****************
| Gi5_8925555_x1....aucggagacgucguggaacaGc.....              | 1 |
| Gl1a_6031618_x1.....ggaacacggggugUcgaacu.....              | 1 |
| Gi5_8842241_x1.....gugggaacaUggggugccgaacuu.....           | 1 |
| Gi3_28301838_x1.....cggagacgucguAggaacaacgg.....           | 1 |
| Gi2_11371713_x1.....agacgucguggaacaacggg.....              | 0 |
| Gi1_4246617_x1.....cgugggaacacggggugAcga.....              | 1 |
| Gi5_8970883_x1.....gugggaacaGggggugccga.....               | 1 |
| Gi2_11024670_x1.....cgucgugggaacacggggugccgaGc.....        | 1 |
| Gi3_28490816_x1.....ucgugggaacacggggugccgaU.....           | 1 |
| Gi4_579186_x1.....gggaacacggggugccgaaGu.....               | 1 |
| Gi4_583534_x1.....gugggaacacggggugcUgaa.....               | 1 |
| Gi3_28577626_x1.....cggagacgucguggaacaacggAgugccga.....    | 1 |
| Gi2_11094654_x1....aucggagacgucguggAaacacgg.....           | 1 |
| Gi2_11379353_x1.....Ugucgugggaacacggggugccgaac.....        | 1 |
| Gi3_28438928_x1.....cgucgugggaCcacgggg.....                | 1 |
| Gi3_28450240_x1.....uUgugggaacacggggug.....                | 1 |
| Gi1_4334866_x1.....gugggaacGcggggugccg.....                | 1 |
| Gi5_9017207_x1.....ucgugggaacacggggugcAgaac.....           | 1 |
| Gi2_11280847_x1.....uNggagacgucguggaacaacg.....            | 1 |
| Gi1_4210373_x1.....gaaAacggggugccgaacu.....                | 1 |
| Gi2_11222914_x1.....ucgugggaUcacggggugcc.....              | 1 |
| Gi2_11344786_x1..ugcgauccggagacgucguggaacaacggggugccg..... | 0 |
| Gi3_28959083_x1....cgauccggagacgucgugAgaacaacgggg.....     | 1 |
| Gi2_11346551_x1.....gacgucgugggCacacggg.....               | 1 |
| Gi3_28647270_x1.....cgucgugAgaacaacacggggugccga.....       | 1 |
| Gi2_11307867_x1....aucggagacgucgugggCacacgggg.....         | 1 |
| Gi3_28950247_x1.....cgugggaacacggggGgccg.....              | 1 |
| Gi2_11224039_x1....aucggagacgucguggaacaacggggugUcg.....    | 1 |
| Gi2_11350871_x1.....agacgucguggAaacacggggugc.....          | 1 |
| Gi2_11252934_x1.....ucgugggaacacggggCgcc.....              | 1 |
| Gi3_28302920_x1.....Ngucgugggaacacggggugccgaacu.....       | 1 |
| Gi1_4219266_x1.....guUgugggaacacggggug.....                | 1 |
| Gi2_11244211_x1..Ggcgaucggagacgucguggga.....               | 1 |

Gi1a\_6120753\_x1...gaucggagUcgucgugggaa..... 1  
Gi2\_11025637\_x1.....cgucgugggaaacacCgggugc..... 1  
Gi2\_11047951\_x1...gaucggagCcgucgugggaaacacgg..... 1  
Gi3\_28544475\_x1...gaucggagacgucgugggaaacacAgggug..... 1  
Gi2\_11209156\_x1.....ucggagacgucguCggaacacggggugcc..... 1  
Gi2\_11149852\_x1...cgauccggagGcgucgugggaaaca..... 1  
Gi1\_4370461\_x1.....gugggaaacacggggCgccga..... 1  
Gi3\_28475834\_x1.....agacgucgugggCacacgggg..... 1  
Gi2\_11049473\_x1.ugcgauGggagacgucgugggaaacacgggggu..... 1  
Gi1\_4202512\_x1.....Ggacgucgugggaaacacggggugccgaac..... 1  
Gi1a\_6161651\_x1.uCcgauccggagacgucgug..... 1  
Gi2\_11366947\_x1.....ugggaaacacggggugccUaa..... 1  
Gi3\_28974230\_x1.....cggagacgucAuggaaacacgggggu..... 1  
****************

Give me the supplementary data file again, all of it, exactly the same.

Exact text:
| Gi5_8925555_x1....aucggagacgucguggaacaGc.....              | 1 |
| Gl1a_6031618_x1.....ggaacacggggugUcgaacu.....              | 1 |
| Gi5_8842241_x1.....gugggaacaUggggugccgaacuu.....           | 1 |
| Gi3_28301838_x1.....cggagacgucguAggaacaacgg.....           | 1 |
| Gi2_11371713_x1.....agacgucguggaacaacggg.....              | 0 |
| Gi1_4246617_x1.....cgugggaacacggggugAcga.....              | 1 |
| Gi5_8970883_x1.....gugggaacaGggggugccga.....               | 1 |
| Gi2_11024670_x1.....cgucgugggaacacggggugccgaGc.....        | 1 |
| Gi3_28490816_x1.....ucgugggaacacggggugccgaU.....           | 1 |
| Gi4_579186_x1.....gggaacacggggugccgaaGu.....               | 1 |
| Gi4_583534_x1.....gugggaacacggggugcUgaa.....               | 1 |
| Gi3_28577626_x1.....cggagacgucguggaacaacggAgugccga.....    | 1 |
| Gi2_11094654_x1....aucggagacgucguggAaacacgg.....           | 1 |
| Gi2_11379353_x1.....Ugucgugggaacacggggugccgaac.....        | 1 |
| Gi3_28438928_x1.....cgucgugggaCcacgggg.....                | 1 |
| Gi3_28450240_x1.....uUgugggaacacggggug.....                | 1 |
| Gi1_4334866_x1.....gugggaacGcggggugccg.....                | 1 |
| Gi5_9017207_x1.....ucgugggaacacggggugcAgaac.....           | 1 |
| Gi2_11280847_x1.....uNggagacgucguggaacaacg.....            | 1 |
| Gi1_4210373_x1.....gaaAacggggugccgaacu.....                | 1 |
| Gi2_11222914_x1.....ucgugggaUcacggggugcc.....              | 1 |
| Gi2_11344786_x1..ugcgauccggagacgucguggaacaacggggugccg..... | 0 |
| Gi3_28959083_x1....cgauccggagacgucgugAgaacaacgggg.....     | 1 |
| Gi2_11346551_x1.....gacgucgugggCacacggg.....               | 1 |
| Gi3_28647270_x1.....cgucgugAgaacaacacggggugccga.....       | 1 |
| Gi2_11307867_x1....aucggagacgucgugggCacacgggg.....         | 1 |
| Gi3_28950247_x1.....cgugggaacacggggGgccg.....              | 1 |
| Gi2_11224039_x1....aucggagacgucguggaacaacggggugUcg.....    | 1 |
| Gi2_11350871_x1.....agacgucguggAaacacggggugc.....          | 1 |
| Gi2_11252934_x1.....ucgugggaacacggggCgcc.....              | 1 |
| Gi3_28302920_x1.....Ngucgugggaacacggggugccgaacu.....       | 1 |
| Gi1_4219266_x1.....guUgugggaacacggggug.....                | 1 |
| Gi2_11244211_x1..Ggcgaucggagacgucguggga.....               | 1 |

Gi1a\_6120753\_x1...gaucggagUcgucgugggaa..... 1  
Gi2\_11025637\_x1.....cgucgugggaaacacCgggugc..... 1  
Gi2\_11047951\_x1...gaucggagCcgucgugggaaacacgg..... 1  
Gi3\_28544475\_x1...gaucggagacgucgugggaaacacAgggug..... 1  
Gi2\_11209156\_x1.....ucggagacgucguCggaacacggggugcc..... 1  
Gi2\_11149852\_x1...cgauccggagGcgucgugggaaaca..... 1  
Gi1\_4370461\_x1.....gugggaaacacggggCgccga..... 1  
Gi3\_28475834\_x1.....agacgucgugggCacacgggg..... 1  
Gi2\_11049473\_x1.ugcgauGggagacgucgugggaaacacgggggu..... 1  
Gi1\_4202512\_x1.....Ggacgucgugggaaacacggggugccgaac..... 1  
Gi1a\_6161651\_x1.uCcgauccggagacgucgug..... 1  
Gi2\_11366947\_x1.....ugggaaacacggggugccUaa..... 1  
Gi3\_28974230\_x1.....cggagacgucAuggaaacacgggggu..... 1  